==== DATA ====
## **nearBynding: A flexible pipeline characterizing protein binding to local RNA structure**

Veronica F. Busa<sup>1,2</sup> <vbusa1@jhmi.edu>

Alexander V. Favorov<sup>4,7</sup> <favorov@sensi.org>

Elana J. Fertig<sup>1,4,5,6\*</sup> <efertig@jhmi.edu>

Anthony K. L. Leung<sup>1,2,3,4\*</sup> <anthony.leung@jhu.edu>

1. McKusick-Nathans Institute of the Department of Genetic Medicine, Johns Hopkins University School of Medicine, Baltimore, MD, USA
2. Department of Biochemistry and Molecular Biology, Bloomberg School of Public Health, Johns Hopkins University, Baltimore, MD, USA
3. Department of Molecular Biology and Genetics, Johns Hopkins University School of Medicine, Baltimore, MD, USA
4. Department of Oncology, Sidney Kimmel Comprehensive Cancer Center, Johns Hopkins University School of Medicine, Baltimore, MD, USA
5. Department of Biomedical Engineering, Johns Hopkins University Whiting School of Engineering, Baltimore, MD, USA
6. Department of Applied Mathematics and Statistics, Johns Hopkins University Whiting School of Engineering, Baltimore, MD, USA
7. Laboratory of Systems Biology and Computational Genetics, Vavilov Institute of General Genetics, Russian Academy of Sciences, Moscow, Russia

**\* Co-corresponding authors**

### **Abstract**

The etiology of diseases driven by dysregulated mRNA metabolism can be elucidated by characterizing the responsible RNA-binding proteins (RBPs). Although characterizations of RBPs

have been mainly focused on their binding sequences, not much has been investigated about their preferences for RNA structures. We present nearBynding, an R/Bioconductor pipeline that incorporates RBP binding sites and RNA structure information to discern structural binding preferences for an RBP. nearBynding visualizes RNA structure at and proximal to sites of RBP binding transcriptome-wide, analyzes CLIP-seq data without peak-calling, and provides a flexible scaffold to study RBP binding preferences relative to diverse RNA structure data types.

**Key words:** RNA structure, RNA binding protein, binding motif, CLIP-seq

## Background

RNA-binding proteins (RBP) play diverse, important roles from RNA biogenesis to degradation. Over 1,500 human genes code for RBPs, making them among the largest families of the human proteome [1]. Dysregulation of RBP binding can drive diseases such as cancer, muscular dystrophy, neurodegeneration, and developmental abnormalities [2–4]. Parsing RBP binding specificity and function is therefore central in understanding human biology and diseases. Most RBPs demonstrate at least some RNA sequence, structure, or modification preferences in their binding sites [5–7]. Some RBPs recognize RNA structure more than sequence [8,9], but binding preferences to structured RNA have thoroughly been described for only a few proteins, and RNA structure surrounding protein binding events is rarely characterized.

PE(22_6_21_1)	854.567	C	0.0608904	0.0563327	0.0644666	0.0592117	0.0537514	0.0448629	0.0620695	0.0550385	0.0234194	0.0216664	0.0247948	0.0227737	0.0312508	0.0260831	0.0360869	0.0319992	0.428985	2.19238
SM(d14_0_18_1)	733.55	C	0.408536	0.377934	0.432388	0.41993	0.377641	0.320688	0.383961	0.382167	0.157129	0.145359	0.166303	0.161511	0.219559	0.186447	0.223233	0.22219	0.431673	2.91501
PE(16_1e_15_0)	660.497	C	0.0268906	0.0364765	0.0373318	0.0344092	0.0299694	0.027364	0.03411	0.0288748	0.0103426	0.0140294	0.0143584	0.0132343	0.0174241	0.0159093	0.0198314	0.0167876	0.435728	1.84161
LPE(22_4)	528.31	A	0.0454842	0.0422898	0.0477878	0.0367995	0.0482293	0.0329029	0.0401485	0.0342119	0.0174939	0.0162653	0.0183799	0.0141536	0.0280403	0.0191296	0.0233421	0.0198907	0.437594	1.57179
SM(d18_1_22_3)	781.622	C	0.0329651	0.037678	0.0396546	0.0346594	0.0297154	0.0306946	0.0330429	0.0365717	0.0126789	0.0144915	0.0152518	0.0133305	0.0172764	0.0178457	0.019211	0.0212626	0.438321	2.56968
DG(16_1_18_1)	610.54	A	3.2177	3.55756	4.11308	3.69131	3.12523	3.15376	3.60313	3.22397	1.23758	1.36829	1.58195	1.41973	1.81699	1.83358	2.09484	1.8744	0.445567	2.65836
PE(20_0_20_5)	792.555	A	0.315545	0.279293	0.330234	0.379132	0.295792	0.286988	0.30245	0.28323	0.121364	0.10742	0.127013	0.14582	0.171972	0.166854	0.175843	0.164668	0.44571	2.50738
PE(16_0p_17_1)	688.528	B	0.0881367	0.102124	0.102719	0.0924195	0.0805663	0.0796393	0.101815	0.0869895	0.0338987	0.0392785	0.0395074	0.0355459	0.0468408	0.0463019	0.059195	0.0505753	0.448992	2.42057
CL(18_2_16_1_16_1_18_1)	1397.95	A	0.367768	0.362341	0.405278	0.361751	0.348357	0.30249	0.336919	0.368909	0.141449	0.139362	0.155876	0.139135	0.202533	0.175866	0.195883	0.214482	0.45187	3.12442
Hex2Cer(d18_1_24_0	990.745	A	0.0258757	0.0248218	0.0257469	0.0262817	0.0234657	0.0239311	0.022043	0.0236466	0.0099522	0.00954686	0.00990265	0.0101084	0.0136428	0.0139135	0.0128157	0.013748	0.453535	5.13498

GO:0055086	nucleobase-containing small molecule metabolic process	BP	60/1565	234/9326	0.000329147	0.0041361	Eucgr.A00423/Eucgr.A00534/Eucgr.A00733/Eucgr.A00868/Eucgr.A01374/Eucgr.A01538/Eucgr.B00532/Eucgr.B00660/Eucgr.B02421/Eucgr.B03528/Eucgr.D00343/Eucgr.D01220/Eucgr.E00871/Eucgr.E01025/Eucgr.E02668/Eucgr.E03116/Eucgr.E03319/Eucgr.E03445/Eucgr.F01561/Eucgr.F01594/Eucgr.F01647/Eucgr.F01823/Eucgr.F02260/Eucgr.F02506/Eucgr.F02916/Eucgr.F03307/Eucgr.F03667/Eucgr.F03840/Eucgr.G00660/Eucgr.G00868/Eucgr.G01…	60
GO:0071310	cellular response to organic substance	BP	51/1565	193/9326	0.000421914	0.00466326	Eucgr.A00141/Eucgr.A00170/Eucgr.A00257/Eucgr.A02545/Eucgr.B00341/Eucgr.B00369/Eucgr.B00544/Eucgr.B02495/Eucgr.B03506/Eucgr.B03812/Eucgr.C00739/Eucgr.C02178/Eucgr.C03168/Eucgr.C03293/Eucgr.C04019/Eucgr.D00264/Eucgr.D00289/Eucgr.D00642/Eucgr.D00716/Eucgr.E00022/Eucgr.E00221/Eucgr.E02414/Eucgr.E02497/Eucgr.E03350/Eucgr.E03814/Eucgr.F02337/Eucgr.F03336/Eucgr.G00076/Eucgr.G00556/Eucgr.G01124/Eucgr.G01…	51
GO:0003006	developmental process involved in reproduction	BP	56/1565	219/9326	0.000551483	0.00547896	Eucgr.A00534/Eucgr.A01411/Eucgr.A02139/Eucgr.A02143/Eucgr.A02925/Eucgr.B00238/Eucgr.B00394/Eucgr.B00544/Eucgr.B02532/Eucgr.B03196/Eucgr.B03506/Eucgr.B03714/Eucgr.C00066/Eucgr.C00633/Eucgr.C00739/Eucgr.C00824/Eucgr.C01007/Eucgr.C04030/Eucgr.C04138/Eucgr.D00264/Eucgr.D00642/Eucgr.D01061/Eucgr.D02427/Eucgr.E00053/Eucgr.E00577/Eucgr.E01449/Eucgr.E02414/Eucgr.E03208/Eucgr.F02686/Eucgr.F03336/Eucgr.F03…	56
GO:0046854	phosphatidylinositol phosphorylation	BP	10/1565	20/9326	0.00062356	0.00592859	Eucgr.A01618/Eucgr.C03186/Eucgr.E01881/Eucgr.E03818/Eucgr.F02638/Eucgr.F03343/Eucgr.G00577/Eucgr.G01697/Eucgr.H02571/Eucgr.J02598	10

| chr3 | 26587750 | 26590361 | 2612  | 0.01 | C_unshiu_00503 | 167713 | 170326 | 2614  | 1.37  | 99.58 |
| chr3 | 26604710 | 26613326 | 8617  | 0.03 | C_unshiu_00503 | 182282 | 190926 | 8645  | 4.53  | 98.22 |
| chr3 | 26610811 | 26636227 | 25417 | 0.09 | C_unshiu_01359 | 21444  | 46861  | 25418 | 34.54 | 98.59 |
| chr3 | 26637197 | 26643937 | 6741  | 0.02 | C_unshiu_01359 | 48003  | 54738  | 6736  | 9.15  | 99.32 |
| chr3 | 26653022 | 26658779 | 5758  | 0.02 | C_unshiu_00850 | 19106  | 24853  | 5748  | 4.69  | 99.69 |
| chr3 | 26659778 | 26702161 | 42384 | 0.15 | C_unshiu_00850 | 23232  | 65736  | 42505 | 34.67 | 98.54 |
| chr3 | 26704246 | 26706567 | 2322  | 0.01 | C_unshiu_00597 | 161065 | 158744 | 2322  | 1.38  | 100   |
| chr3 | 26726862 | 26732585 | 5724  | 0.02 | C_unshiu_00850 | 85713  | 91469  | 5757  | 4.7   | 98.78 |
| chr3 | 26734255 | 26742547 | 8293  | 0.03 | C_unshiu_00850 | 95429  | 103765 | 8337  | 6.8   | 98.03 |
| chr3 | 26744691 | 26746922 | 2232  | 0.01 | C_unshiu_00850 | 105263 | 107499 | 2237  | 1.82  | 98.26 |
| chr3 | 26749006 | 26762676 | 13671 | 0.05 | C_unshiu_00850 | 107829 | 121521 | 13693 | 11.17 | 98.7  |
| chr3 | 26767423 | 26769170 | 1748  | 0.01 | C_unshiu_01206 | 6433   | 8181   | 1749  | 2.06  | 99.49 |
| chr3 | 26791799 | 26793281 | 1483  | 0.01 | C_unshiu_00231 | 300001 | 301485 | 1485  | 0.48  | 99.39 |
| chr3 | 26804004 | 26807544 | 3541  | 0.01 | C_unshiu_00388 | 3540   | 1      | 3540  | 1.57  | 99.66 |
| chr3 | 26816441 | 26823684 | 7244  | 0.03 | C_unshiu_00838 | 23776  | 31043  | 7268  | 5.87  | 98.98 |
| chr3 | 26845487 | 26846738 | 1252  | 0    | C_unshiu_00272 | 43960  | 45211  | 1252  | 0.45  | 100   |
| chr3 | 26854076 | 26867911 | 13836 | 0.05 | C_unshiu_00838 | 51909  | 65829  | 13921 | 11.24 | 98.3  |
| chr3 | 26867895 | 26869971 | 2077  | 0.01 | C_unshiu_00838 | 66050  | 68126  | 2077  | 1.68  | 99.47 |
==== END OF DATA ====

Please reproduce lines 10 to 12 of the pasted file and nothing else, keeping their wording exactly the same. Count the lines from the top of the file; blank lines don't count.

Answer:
5. Department of Biomedical Engineering, Johns Hopkins University Whiting School of Engineering, Baltimore, MD, USA
6. Department of Applied Mathematics and Statistics, Johns Hopkins University Whiting School of Engineering, Baltimore, MD, USA
7. Laboratory of Systems Biology and Computational Genetics, Vavilov Institute of General Genetics, Russian Academy of Sciences, Moscow, Russia